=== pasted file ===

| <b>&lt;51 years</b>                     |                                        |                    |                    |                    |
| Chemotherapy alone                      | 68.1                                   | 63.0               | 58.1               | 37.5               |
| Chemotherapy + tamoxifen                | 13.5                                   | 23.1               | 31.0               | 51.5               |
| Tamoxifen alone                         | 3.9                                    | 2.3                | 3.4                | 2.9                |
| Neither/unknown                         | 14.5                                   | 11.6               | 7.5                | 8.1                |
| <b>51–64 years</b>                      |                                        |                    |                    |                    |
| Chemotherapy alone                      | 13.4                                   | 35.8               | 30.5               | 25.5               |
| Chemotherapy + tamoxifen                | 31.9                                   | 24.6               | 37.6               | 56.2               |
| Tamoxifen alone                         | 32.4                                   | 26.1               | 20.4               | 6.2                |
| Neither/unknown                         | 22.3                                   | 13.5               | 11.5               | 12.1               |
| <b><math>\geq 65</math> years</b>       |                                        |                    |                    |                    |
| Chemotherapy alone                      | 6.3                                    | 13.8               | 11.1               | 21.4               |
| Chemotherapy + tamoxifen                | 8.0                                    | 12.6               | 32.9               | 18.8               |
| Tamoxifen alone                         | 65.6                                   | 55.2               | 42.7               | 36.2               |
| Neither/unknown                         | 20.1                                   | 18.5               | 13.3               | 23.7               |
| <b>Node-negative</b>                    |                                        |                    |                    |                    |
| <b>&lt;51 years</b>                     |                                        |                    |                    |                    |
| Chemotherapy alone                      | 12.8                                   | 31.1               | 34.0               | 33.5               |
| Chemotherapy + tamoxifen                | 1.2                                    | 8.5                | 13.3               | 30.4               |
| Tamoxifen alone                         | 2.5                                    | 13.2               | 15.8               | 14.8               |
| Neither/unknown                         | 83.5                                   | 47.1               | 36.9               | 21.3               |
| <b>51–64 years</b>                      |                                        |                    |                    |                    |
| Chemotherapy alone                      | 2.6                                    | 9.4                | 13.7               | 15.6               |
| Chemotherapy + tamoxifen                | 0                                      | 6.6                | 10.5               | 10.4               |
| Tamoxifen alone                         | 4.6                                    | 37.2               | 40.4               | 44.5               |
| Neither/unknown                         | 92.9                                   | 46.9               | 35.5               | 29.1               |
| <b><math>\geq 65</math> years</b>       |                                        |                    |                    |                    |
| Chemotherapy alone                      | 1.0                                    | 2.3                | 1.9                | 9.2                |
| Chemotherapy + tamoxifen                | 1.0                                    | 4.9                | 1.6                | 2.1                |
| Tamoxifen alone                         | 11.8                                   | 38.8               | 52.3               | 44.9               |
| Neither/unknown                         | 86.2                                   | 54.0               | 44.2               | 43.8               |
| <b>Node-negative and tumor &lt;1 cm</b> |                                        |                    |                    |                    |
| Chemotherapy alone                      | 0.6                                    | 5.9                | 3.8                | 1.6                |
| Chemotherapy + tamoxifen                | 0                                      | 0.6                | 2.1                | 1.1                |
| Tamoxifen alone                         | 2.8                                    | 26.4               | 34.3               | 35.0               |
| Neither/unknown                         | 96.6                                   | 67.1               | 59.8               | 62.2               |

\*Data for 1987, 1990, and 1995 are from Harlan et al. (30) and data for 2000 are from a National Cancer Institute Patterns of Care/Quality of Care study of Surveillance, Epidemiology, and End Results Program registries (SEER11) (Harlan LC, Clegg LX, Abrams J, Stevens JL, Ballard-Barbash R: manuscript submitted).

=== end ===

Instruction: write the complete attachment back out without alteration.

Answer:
| <b>&lt;51 years</b>                     |                                        |                    |                    |                    |
| Chemotherapy alone                      | 68.1                                   | 63.0               | 58.1               | 37.5               |
| Chemotherapy + tamoxifen                | 13.5                                   | 23.1               | 31.0               | 51.5               |
| Tamoxifen alone                         | 3.9                                    | 2.3                | 3.4                | 2.9                |
| Neither/unknown                         | 14.5                                   | 11.6               | 7.5                | 8.1                |
| <b>51–64 years</b>                      |                                        |                    |                    |                    |
| Chemotherapy alone                      | 13.4                                   | 35.8               | 30.5               | 25.5               |
| Chemotherapy + tamoxifen                | 31.9                                   | 24.6               | 37.6               | 56.2               |
| Tamoxifen alone                         | 32.4                                   | 26.1               | 20.4               | 6.2                |
| Neither/unknown                         | 22.3                                   | 13.5               | 11.5               | 12.1               |
| <b><math>\geq 65</math> years</b>       |                                        |                    |                    |                    |
| Chemotherapy alone                      | 6.3                                    | 13.8               | 11.1               | 21.4               |
| Chemotherapy + tamoxifen                | 8.0                                    | 12.6               | 32.9               | 18.8               |
| Tamoxifen alone                         | 65.6                                   | 55.2               | 42.7               | 36.2               |
| Neither/unknown                         | 20.1                                   | 18.5               | 13.3               | 23.7               |
| <b>Node-negative</b>                    |                                        |                    |                    |                    |
| <b>&lt;51 years</b>                     |                                        |                    |                    |                    |
| Chemotherapy alone                      | 12.8                                   | 31.1               | 34.0               | 33.5               |
| Chemotherapy + tamoxifen                | 1.2                                    | 8.5                | 13.3               | 30.4               |
| Tamoxifen alone                         | 2.5                                    | 13.2               | 15.8               | 14.8               |
| Neither/unknown                         | 83.5                                   | 47.1               | 36.9               | 21.3               |
| <b>51–64 years</b>                      |                                        |                    |                    |                    |
| Chemotherapy alone                      | 2.6                                    | 9.4                | 13.7               | 15.6               |
| Chemotherapy + tamoxifen                | 0                                      | 6.6                | 10.5               | 10.4               |
| Tamoxifen alone                         | 4.6                                    | 37.2               | 40.4               | 44.5               |
| Neither/unknown                         | 92.9                                   | 46.9               | 35.5               | 29.1               |
| <b><math>\geq 65</math> years</b>       |                                        |                    |                    |                    |
| Chemotherapy alone                      | 1.0                                    | 2.3                | 1.9                | 9.2                |
| Chemotherapy + tamoxifen                | 1.0                                    | 4.9                | 1.6                | 2.1                |
| Tamoxifen alone                         | 11.8                                   | 38.8               | 52.3               | 44.9               |
| Neither/unknown                         | 86.2                                   | 54.0               | 44.2               | 43.8               |
| <b>Node-negative and tumor &lt;1 cm</b> |                                        |                    |                    |                    |
| Chemotherapy alone                      | 0.6                                    | 5.9                | 3.8                | 1.6                |
| Chemotherapy + tamoxifen                | 0                                      | 0.6                | 2.1                | 1.1                |
| Tamoxifen alone                         | 2.8                                    | 26.4               | 34.3               | 35.0               |
| Neither/unknown                         | 96.6                                   | 67.1               | 59.8               | 62.2               |

\*Data for 1987, 1990, and 1995 are from Harlan et al. (30) and data for 2000 are from a National Cancer Institute Patterns of Care/Quality of Care study of Surveillance, Epidemiology, and End Results Program registries (SEER11) (Harlan LC, Clegg LX, Abrams J, Stevens JL, Ballard-Barbash R: manuscript submitted).